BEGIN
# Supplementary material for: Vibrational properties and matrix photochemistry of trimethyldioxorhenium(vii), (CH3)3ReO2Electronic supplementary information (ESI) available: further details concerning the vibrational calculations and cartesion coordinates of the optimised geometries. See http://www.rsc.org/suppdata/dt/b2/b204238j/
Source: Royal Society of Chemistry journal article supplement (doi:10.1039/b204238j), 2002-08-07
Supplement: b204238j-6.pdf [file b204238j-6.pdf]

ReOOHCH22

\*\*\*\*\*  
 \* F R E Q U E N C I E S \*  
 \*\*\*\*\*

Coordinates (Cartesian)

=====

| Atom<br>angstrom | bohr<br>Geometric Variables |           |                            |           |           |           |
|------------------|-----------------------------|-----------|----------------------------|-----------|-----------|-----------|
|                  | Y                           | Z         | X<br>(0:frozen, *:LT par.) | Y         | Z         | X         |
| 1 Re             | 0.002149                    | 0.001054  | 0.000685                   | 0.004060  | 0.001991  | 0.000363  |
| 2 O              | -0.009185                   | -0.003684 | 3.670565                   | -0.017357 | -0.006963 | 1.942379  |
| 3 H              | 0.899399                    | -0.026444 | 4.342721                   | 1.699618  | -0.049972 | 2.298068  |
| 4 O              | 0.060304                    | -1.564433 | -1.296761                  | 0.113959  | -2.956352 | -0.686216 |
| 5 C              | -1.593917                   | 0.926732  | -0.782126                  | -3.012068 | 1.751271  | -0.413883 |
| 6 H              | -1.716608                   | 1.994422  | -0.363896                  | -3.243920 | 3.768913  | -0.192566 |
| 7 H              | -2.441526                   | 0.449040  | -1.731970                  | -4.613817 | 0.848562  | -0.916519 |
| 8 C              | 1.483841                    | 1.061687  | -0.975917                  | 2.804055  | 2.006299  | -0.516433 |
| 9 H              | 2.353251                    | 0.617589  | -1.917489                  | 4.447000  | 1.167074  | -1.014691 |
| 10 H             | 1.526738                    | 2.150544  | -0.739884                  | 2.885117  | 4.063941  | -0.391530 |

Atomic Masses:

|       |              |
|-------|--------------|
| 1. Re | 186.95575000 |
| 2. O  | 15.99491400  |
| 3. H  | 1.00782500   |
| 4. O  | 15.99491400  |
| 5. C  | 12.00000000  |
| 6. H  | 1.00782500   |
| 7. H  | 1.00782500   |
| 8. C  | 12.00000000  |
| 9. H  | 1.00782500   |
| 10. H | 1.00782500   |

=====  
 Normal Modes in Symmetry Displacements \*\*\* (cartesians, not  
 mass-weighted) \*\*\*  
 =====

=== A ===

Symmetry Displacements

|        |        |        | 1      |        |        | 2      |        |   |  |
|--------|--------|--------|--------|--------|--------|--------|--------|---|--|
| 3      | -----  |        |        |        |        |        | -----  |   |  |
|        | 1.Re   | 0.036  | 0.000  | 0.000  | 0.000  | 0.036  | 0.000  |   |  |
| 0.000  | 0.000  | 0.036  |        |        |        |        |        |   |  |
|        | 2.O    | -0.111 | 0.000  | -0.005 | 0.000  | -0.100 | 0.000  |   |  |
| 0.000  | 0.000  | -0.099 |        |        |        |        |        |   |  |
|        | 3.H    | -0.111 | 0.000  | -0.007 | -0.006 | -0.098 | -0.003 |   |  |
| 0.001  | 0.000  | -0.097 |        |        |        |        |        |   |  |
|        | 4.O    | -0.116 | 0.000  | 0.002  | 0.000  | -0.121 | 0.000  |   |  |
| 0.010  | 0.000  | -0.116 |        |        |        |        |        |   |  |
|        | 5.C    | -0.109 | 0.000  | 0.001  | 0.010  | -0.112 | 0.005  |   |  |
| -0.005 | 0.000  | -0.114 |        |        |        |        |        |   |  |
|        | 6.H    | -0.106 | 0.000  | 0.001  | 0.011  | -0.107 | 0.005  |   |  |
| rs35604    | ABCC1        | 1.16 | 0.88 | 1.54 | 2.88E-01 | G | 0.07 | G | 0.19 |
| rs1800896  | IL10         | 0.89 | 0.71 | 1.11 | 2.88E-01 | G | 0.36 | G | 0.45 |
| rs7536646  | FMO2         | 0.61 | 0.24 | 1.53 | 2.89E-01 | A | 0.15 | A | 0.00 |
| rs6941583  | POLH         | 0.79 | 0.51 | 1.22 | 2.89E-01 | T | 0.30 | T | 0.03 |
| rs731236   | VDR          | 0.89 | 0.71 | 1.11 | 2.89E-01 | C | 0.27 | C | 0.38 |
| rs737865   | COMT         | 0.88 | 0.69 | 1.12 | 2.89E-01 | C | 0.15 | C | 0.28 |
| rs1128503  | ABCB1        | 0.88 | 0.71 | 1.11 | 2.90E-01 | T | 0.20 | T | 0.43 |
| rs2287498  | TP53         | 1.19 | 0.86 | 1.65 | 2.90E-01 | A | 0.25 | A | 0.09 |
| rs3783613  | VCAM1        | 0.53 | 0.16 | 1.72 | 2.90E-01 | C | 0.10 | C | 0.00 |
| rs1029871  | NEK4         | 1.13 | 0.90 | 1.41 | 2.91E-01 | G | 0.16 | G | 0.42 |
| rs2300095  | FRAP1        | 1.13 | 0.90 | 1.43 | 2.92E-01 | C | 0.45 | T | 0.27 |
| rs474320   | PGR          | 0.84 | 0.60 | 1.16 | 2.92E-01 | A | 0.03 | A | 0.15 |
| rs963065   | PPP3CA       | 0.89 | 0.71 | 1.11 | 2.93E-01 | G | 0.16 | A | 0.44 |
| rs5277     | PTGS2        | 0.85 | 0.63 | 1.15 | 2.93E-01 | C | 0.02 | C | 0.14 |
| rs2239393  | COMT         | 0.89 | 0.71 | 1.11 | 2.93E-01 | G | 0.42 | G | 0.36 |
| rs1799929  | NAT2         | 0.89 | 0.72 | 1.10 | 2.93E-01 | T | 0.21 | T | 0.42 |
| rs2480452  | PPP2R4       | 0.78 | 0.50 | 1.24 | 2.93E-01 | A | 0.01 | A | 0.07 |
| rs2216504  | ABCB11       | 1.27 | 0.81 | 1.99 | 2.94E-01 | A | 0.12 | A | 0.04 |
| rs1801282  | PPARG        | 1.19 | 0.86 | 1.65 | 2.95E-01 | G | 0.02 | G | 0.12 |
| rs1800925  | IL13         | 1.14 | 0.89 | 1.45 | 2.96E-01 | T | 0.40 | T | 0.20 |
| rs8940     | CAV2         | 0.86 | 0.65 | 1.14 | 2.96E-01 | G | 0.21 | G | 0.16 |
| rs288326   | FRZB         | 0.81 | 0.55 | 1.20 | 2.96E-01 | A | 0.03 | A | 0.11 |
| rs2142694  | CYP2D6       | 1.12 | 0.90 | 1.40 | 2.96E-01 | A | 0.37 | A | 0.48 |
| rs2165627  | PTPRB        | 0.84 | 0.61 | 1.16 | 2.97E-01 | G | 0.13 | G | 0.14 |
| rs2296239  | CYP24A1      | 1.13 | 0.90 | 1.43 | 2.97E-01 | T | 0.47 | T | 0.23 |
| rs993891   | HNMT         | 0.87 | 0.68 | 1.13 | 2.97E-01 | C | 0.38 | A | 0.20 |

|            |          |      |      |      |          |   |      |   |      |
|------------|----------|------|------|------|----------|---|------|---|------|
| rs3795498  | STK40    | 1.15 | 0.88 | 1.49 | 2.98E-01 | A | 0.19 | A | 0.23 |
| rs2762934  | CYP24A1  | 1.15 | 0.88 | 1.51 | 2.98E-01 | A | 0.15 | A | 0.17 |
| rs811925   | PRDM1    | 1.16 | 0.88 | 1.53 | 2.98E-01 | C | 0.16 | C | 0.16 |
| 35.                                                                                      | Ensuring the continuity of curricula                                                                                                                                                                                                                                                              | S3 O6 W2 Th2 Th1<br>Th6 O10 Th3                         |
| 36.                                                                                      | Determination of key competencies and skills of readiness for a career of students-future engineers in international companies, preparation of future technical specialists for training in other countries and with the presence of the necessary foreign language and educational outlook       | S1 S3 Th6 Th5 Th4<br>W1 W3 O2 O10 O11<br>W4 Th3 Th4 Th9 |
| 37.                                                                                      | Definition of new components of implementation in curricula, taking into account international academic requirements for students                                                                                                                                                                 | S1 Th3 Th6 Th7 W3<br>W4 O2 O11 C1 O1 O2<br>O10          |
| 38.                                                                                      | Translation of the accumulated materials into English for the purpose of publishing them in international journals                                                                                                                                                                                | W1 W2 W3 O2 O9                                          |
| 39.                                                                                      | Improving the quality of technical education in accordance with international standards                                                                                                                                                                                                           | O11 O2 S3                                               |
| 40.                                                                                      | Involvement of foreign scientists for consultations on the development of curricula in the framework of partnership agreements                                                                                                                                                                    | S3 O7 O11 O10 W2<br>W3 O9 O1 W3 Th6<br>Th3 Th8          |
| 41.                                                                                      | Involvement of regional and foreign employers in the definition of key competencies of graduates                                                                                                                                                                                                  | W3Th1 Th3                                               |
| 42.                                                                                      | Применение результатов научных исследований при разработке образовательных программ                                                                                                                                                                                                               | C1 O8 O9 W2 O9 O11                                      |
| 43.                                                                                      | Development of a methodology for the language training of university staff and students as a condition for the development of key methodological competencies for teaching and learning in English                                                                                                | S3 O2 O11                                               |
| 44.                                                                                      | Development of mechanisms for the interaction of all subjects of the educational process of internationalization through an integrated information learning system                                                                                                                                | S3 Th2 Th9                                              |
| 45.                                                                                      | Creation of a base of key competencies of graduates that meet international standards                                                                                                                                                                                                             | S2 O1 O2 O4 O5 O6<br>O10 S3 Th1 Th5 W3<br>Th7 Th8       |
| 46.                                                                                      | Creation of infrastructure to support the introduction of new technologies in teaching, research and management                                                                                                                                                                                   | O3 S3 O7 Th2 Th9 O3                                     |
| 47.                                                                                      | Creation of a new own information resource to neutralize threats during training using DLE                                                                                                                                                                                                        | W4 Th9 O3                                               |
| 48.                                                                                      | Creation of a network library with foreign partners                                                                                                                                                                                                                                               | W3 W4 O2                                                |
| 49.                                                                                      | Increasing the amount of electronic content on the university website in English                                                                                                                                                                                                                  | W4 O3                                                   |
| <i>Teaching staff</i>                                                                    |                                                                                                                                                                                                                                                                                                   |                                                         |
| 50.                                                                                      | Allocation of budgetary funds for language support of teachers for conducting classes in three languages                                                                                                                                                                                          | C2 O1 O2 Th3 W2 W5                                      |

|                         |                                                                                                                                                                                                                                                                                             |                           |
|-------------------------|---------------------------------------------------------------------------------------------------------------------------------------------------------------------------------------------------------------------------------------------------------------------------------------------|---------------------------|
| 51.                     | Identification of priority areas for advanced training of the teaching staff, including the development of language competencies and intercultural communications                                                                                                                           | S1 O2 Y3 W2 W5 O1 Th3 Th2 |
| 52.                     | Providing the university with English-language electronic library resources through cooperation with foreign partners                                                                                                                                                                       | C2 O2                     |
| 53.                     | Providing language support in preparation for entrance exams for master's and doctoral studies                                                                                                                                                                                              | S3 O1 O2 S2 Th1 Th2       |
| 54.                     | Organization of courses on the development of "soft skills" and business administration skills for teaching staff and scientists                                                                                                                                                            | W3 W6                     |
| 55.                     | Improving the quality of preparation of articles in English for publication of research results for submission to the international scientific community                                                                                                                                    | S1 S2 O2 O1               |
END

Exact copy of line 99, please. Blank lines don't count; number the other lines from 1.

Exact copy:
| 47.                                                                                      | Creation of a new own information resource to neutralize threats during training using DLE                                                                                                                                                                                                        | W4 Th9 O3                                               |